Six tips for owners to avoid dehydration in dogs

Six tips for owners to avoid dehydration in dogs

Health & Safety

Like most animals, dogs will drink water as and when they need to in order to stay hydrated, assuming of course that clean water is available to them and they are not sick or otherwise suffering from any problems that may make them refuse water. This means that keeping a dog hydrated is not something that we as owners generally need to think too much about, as much like people, your dog will drink when they feel thirsty or when they need to.

However, certain scenarios and times of year can make it easier for dogs to become dehydrated than it is usually, and this is something that all dog owners should be aware of and try to avoid. Dehydration in the dog can be fast in onset and affect all of your dog’s core systems-and the worse the dehydration and the longer it continues, the more risk there is of serious permanent damage occurring to your dog’s health.

In this article we will share six tips for dog owners on how to make sure that you provide for their need for water effectively at all times, and how to avoid your dog becoming dehydrated. Read on to learn more.

Provide fresh clean water

The first and most important element of avoiding dehydration in your dog is to ensure that they always have free access to fresh, clean water. This may sound simple and obvious, but it does require a level of vigilance!

Rinse and replenish your dog’s water bowls a couple of times a day, wash the bowls regularly and steer clear of plastics or other materials that bowls may be made of that can leach chemicals into the water over time. These will not only taint the taste of the water to your dog and so, make them avoid drinking from that bowl, but can also affect their health.

Additionally, make sure that your dog’s bowl is deep and wide enough for them to be able to drink from comfortably and that their bowl is somewhere that is both freely accessible to them, and that feels safe and quiet enough so that your dog can relax.

Water for walks

You should always take water out with your dog when you go walking, and offer it to them every half an hour at a minimum. A dog that doesn’t drink a little during their walks will be very thirsty and potentially, even already entering dehydration when you get home, and so will want to gulp down a whole bowl of water immediately. This can lead to problems in and of itself, which can be avoided by giving your dog a few sips of water regularly when you are out and about and they are working hard.

Make water more interesting!

If your dog seems reluctant to drink or you are trying to encourage them to drink more-such as because they are recovering from dehydration or need more fluids due to a health condition-there are lots of different things that you can try to encourage them to drink a little more.

Using a plain, salt-free stock or stock cube to flavour the water is a good place to start, and you can also try mixing water into your dog’s food, whether that is wet or dry. Also, feeding wet food instead of dry will help to get more fluids into your dog, as dry food does of course have a much lower water content.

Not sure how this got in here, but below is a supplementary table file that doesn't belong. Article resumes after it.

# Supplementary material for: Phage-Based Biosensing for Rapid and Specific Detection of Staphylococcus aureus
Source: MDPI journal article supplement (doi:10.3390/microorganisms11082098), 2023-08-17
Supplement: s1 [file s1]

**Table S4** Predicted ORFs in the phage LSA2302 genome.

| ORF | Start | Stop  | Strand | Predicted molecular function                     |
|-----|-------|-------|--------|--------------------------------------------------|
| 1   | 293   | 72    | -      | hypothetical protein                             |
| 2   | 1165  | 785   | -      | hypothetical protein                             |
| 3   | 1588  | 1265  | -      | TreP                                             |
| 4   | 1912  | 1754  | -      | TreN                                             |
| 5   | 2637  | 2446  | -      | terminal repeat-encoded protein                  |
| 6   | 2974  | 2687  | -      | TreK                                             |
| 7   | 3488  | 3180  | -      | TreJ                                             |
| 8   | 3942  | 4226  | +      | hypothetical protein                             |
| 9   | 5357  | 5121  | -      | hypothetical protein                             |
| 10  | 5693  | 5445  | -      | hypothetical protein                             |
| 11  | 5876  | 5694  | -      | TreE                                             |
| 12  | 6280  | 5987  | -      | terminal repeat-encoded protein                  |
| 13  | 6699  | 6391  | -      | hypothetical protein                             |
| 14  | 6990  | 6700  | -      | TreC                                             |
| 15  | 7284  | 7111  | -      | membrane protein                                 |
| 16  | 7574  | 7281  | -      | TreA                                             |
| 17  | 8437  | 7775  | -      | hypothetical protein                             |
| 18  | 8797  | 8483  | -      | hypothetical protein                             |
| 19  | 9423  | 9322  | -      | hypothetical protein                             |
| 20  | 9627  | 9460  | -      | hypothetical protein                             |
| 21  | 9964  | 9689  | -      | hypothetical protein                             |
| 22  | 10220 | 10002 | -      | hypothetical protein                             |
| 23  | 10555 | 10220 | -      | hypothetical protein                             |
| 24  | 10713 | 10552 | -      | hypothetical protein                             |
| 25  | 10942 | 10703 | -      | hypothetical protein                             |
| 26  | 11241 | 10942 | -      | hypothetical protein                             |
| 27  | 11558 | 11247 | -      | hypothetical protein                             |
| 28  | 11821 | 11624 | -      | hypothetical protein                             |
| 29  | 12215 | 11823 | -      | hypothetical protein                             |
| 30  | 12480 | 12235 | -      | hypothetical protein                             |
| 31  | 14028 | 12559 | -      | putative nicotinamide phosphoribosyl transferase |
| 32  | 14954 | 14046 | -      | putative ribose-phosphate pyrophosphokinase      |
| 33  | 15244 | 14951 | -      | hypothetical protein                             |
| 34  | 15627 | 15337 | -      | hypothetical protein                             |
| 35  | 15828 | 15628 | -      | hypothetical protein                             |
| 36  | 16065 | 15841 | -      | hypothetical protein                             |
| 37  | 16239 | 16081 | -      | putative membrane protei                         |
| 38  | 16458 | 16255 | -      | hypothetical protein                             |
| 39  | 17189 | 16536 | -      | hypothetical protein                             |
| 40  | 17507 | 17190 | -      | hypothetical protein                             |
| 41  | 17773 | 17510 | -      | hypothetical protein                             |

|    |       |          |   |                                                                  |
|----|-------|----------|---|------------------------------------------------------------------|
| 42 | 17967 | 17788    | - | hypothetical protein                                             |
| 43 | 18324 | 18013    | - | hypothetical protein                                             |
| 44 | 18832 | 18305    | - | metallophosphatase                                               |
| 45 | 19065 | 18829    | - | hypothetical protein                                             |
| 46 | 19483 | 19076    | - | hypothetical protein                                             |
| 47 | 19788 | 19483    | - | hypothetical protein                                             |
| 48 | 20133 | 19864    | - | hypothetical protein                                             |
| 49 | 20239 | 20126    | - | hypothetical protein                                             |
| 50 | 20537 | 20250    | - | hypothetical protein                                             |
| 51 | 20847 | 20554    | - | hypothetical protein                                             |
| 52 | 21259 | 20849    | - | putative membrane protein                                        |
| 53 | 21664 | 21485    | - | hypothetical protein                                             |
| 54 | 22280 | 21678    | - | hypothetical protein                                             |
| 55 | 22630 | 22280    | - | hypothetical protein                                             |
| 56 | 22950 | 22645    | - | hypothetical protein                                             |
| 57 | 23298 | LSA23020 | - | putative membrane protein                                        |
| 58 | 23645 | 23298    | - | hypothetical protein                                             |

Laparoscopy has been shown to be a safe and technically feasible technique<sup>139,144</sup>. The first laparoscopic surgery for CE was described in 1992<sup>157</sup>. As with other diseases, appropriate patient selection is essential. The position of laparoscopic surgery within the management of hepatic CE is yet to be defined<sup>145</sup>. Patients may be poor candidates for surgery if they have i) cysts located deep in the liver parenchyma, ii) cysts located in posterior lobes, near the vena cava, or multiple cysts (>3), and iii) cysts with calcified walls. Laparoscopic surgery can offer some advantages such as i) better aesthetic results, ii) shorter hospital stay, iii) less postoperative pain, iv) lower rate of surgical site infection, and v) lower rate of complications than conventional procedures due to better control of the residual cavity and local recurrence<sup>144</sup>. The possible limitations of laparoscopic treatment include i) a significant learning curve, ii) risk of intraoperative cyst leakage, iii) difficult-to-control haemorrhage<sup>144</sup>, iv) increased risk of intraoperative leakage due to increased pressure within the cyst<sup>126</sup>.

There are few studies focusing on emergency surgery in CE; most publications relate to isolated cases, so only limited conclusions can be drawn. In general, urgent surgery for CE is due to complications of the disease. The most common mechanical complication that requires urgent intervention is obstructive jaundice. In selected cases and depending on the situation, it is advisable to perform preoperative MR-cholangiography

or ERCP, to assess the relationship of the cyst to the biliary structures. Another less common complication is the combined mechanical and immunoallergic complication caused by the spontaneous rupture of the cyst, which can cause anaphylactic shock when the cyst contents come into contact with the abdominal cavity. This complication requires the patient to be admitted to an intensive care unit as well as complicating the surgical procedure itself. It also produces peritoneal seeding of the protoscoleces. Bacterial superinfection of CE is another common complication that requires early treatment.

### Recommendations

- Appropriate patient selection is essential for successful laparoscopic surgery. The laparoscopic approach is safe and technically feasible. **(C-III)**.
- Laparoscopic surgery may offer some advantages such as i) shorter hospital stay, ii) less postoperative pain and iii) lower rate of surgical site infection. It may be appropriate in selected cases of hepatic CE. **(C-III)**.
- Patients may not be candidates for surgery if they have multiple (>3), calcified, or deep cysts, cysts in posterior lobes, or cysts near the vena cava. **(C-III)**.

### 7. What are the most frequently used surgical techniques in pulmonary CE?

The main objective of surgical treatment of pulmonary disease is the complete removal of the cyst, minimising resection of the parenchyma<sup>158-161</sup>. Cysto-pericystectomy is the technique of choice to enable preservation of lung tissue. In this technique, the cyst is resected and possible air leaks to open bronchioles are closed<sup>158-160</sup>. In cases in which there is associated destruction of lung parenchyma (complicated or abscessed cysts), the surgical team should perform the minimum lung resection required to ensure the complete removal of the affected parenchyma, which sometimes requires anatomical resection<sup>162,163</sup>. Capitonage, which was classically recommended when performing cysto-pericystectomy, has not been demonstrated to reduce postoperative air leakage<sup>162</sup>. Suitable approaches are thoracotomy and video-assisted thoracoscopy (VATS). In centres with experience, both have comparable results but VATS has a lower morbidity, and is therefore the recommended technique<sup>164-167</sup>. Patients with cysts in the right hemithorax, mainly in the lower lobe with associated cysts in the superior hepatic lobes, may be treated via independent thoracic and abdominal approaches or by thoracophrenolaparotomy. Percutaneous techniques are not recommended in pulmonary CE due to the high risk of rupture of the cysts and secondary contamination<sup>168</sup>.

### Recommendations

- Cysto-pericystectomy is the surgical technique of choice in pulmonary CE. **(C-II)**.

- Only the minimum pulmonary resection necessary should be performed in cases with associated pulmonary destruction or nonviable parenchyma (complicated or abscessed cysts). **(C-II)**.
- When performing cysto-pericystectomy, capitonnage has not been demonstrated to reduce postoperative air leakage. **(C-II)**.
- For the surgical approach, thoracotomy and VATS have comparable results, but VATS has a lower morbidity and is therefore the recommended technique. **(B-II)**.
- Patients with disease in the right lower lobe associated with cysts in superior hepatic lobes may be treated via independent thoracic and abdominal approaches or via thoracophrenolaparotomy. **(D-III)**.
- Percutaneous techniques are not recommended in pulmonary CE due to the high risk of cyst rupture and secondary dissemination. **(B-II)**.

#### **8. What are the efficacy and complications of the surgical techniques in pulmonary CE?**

Even trying out a moving water fountain to decant your dog’s water and so, make it more interesting may help when it comes to keeping them hydrated!

Steer clear of salty food and other diuretics

Dog food of all varieties is carefully nutritionally balanced to provide everything that your dog needs, and of course, some foods are better quality than others. However, even if you feed your dog the optimum diet, you can soon undo all of that good work if you feed them treats and snacks that contain salt or other diuretics, which covers a wide range of different human foods and snacks.

Only give your dog treats that are designed for them, and keep an eye on the salt and sugar content of dog treats too.

Remember the effects of heat

Dogs need to drink more water in hot weather-often significantly more, as drinking water is one of the dog’s main methods of staying cool. Dogs are very sensitive to temperature changes and can have difficulties regulating their own temperature if they get too hot, which can lead to dehydration and potential heatstroke very easily.

Take other steps too to protect your dog from the worst of the heat, and always provide cooling water, regardless of they they are doing.

Intervene promptly in case of illness

One of the main risks of often otherwise minor and short-term health problems in dogs such as stomach upsets is dehydration, because the dog will be unable to keep anything in their stomachs for very long. If your dog has not drunk any water and/or kept it down for six hours or longer, talk to your vet as they may wish to check your dog out.



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